Access to justice and choice of law issues in multi-jurisdictional class actions in Canada.

Author:Scott, Valerie

This article first examines the treatment of choice of law in multi-jurisdictional class action cases in Canada. More specifically, it looks at Ontario, the province that has the longest experience with these cases. Analysis of the Ontario case law reveals that the courts are divided in their treatment of choice of law in such class actions. It also reveals that there is serious reason to believe that the Ontario courts often duck the issue. They do so either by ignoring it altogether, by acknowledging the dimension but adopting a "wait and see" approach by invoking the facultative choice of law doctrine, or by neglecting to assess this component at the settlement approval stage. The author then tries to determine whether this practice jeopardises the furtherance of access to justice by studying the apparent opposition between the facultative choice of law doctrine and adequate representation. However, the author notes that none of the jurisprudential trends can obviously be qualified as furthering or frustrating access to justice. This is because justice is multifaceted and also because the nature of the choice of law rules varies. The non-application of multilateral conflicts rules does not deprive non-resident members of their rights, whereas the non-application of conflicts rules that embody a material justice ideal appears problematic. Therefore, the author concludes that the facultative choice of law doctrine should not be abandoned completely in the class actions context. Instead, the judge should be alert to the applicable area of law and the nature of the choice of law rules that apply.

Cet article examine en premier lieu le traitement reserve au choix de la loi applicable dans le cadre des recours collectifs multi-territoriaux au Canada. Il se penche en particulier sur le cas de l'Ontario, soit la province qui possede l'experience la plus longue dans ce domaine. L'analyse de la jurisprudence ontarienne revele que les tribunaux sont divises quant au traitement qu'ils reservent au choix de la loi applicable lors de recours collectifs de ce type. Il en ressort en outre que les tribunaux ontariens ont plutot tendance a esquiver la question, Ils agissent ainsi soit en faisant fi de la demande, soit en reconnaissant cette dimension mais en adoptant une attitude prudente, passive con sistant a invoquer le caractere facultatif de la doctrine du choix de la loi applicable, ou en omettant d'evaluer cette composante a l'etape de l'approbation du reglement. L'auteur tente ensuite de determiner dans quelle mesure cette pratique compromet la poursuite de l'acces a la justice en etudiant l'opposition apparente entre le caractere facultatif de la doctrine du choix de la loi applicable et une representation adequate. L'auteur note toutefois qu'aucune des tendandes jurisprudentielles ne peut pretendre favoriser ou entraver l'acces a la justice. On peut l'expliquer par le caractere multiple de la justice et aussi du fait que la nature des regles regissant le choix des lois applicables varie. La non-application des regles relatives aux differends multilateraux ne prive nullement les membres etrangers de leurs droits, tandis que la non-application de ces regles, lesquelles incarnent une sorte d'ideal de la justice materielle, pose certains problemes. L'auteur conclut par consequent que l'on ne devrait pas completement renoncer au caractere facultatif de la doctrine du choix de la loi applicable dans le cadre des recours collectifs mais plutot faire en sorte que le juge soit informe du domaine de droit applicable et de la nature des regles regissant le choix de la loi applicable.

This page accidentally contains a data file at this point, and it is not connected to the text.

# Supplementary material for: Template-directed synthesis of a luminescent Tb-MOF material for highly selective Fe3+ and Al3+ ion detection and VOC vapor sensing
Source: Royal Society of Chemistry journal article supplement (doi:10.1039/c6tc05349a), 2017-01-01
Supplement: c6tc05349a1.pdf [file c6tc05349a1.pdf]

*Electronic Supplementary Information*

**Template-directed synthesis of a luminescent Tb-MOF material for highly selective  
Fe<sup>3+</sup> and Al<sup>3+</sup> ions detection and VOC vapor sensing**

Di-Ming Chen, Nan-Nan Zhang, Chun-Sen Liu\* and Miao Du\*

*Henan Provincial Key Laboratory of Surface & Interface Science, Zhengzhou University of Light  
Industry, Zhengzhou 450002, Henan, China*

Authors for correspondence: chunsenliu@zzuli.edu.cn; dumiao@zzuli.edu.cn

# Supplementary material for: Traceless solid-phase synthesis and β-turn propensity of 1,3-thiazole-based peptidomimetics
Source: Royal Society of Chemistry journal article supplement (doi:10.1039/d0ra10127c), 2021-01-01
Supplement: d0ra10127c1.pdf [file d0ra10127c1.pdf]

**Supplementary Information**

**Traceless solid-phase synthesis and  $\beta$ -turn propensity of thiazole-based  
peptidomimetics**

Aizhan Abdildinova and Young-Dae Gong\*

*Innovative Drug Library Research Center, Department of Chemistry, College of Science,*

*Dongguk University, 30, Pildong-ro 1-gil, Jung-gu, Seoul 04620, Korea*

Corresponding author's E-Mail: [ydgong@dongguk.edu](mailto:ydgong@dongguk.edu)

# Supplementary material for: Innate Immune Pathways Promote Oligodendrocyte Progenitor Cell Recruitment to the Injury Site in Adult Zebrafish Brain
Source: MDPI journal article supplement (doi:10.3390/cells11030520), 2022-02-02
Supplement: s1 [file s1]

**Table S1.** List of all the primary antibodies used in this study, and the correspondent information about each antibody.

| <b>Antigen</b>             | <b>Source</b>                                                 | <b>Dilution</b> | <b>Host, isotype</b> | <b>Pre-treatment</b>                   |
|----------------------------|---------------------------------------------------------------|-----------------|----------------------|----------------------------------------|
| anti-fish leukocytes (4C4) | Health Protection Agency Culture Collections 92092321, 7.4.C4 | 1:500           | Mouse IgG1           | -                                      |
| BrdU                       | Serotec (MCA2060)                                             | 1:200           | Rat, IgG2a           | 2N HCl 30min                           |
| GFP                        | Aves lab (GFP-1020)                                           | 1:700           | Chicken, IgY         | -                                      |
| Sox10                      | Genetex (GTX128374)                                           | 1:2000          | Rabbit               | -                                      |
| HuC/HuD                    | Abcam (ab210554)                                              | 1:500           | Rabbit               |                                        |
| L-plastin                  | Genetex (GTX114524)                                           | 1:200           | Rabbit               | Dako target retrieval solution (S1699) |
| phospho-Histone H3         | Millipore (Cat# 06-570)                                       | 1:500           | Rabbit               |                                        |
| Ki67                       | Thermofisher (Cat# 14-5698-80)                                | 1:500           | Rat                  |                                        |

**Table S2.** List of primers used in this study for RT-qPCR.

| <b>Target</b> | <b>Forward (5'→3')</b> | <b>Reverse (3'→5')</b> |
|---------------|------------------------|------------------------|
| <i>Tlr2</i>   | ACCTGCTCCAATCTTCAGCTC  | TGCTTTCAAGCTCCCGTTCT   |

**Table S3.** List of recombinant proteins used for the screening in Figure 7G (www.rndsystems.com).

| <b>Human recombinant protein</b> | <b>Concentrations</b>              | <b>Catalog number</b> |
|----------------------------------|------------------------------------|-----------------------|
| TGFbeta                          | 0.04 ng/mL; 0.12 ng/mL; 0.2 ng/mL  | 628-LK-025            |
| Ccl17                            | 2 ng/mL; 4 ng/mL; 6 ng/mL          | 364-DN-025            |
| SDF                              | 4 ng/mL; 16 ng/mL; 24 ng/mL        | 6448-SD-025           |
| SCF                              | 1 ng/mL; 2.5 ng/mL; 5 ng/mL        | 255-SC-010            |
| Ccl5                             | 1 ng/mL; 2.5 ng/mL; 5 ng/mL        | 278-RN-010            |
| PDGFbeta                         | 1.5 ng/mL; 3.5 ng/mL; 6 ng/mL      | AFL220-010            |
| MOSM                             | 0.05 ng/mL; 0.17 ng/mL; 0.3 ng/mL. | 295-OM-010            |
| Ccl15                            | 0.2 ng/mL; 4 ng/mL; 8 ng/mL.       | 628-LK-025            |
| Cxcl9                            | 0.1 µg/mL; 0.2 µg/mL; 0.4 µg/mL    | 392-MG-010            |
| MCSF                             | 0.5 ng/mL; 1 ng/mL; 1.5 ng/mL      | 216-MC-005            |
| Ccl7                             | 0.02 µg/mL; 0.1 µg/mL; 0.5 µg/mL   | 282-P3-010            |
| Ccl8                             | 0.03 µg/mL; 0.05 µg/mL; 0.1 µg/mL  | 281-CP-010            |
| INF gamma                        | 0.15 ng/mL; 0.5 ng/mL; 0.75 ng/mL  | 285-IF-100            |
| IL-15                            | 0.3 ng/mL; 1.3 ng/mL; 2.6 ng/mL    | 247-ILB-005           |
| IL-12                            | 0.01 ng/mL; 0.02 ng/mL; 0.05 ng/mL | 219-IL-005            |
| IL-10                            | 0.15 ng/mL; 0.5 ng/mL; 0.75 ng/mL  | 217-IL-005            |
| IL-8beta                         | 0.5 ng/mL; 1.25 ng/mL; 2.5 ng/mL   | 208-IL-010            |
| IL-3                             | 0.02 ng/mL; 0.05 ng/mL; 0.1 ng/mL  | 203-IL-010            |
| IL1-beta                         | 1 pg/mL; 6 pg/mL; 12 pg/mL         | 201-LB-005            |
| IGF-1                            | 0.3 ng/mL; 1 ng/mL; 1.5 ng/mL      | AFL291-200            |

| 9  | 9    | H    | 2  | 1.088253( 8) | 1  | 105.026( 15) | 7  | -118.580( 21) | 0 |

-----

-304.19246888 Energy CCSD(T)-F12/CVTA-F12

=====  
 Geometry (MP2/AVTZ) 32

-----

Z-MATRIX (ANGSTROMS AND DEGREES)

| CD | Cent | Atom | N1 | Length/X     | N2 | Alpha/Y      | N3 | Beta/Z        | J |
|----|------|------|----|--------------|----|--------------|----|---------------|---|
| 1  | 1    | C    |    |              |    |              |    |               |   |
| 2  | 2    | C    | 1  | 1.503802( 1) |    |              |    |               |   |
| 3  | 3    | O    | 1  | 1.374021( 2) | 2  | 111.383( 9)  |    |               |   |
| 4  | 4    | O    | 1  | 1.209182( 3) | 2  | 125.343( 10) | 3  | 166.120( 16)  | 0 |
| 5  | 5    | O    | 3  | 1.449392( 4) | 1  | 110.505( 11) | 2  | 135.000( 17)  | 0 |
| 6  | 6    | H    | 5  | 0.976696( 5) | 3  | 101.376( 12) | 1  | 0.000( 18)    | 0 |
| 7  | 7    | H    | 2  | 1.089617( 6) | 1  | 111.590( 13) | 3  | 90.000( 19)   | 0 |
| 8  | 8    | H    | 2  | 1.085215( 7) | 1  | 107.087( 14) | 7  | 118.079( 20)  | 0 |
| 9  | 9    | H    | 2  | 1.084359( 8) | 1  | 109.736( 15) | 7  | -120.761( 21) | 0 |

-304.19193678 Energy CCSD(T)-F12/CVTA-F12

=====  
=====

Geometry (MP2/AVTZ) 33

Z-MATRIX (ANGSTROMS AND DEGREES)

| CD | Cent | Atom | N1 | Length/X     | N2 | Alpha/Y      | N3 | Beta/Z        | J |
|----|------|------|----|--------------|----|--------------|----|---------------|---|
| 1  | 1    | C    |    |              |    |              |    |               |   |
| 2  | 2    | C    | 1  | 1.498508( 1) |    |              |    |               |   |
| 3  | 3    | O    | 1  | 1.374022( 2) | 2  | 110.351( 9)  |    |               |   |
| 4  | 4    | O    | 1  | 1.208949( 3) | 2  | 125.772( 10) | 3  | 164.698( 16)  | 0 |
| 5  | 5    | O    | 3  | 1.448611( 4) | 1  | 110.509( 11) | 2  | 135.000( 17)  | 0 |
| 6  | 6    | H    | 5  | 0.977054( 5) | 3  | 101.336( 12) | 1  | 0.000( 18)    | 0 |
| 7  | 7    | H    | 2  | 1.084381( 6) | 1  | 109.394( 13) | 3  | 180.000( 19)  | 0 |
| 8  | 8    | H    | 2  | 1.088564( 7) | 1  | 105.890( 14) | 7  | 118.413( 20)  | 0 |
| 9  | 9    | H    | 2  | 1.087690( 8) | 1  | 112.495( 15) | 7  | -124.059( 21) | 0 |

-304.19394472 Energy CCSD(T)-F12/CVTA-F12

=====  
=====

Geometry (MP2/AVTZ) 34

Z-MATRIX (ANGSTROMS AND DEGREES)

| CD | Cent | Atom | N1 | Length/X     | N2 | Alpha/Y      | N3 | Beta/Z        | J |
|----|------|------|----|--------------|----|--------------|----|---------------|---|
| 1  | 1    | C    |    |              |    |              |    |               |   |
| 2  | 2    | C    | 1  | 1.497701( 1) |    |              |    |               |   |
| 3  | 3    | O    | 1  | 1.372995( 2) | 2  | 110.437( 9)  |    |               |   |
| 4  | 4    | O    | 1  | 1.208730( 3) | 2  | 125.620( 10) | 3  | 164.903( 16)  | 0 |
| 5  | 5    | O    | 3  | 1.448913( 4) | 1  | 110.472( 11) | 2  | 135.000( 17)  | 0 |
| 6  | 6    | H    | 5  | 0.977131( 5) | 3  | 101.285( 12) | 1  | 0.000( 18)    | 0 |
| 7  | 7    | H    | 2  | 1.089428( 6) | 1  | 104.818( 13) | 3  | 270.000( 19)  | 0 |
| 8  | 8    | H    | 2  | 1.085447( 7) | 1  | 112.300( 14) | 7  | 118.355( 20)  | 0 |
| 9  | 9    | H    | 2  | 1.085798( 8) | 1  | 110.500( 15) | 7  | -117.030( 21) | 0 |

Table of Contents I. INTRODUCTION II. CHOICE OF LAW IN MULTI-JURISDICTIONAL CLASS ACTIONS IN ONTARIO A. The Legal Framework Within Which the Ontario Courts Operate 1. Overview of the Class Proceedings Act and the Facultative Choice of Law Doctrine 2. The Intersection between Class Actions and Private International Law: The Few Guidelines Given by the Supreme Court of Canada B. The Approaches Developed by the Ontario Courts: Typology 1. Cases Where no Mention of Choice of Law is Made 2. Cases Where the Choice of Law Dimension is Acknowledged 3. Ignorance or Elimination of the Choice of Law Issue ("Wait and See" Approach) 4. Ensuring that Choice of Law has an Impact on the Resolution of the Dispute III. CHOICE OF LAW AND ACCESS TO JUSTICE A. Access to Justice as the Possibility to Vindicate Substantive Rights in Accordance with Fundamental Principles of Procedure 1. The Possibility to Vindicate 2. Substantive Rights and Fundamental Principles of Procedure (a) The Theoretical Debate on the Nature of Choice of Law Rules (b) Canadian Choice of Law (c) Implications for the Relationship Between Choice of Law and Access to Justice in the Multi-Jurisdictional Class Actions Context in Canada B. Extrajudiciary Conception of Access to Justice 1. Justice as the Choice of an Entity 2. Ex Ante Justice IV. CONCLUSION I. INTRODUCTION